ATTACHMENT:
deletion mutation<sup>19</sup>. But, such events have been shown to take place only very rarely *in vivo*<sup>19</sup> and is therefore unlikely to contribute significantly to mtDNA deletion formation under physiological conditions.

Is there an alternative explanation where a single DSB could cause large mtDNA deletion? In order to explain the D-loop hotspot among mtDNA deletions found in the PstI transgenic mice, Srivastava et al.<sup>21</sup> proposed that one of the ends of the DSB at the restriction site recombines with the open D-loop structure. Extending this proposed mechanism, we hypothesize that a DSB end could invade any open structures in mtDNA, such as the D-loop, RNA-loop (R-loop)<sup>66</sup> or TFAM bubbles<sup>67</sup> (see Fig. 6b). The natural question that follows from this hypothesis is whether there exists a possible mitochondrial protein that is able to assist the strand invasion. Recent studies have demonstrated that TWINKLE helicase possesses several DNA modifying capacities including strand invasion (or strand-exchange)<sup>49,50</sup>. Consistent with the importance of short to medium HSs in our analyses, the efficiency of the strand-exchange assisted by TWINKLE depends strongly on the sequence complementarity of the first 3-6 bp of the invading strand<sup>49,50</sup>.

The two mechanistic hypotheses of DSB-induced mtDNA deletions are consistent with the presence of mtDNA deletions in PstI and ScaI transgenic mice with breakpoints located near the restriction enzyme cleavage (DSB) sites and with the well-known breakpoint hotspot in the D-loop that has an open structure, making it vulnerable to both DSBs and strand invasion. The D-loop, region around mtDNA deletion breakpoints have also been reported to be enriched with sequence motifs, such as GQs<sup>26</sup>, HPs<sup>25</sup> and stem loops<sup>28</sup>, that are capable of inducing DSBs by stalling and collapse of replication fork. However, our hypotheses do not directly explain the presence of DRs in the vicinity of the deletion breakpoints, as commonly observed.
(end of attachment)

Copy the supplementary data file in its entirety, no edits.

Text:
deletion mutation<sup>19</sup>. But, such events have been shown to take place only very rarely *in vivo*<sup>19</sup> and is therefore unlikely to contribute significantly to mtDNA deletion formation under physiological conditions.

Is there an alternative explanation where a single DSB could cause large mtDNA deletion? In order to explain the D-loop hotspot among mtDNA deletions found in the PstI transgenic mice, Srivastava et al.<sup>21</sup> proposed that one of the ends of the DSB at the restriction site recombines with the open D-loop structure. Extending this proposed mechanism, we hypothesize that a DSB end could invade any open structures in mtDNA, such as the D-loop, RNA-loop (R-loop)<sup>66</sup> or TFAM bubbles<sup>67</sup> (see Fig. 6b). The natural question that follows from this hypothesis is whether there exists a possible mitochondrial protein that is able to assist the strand invasion. Recent studies have demonstrated that TWINKLE helicase possesses several DNA modifying capacities including strand invasion (or strand-exchange)<sup>49,50</sup>. Consistent with the importance of short to medium HSs in our analyses, the efficiency of the strand-exchange assisted by TWINKLE depends strongly on the sequence complementarity of the first 3-6 bp of the invading strand<sup>49,50</sup>.

The two mechanistic hypotheses of DSB-induced mtDNA deletions are consistent with the presence of mtDNA deletions in PstI and ScaI transgenic mice with breakpoints located near the restriction enzyme cleavage (DSB) sites and with the well-known breakpoint hotspot in the D-loop that has an open structure, making it vulnerable to both DSBs and strand invasion. The D-loop, region around mtDNA deletion breakpoints have also been reported to be enriched with sequence motifs, such as GQs<sup>26</sup>, HPs<sup>25</sup> and stem loops<sup>28</sup>, that are capable of inducing DSBs by stalling and collapse of replication fork. However, our hypotheses do not directly explain the presence of DRs in the vicinity of the deletion breakpoints, as commonly observed.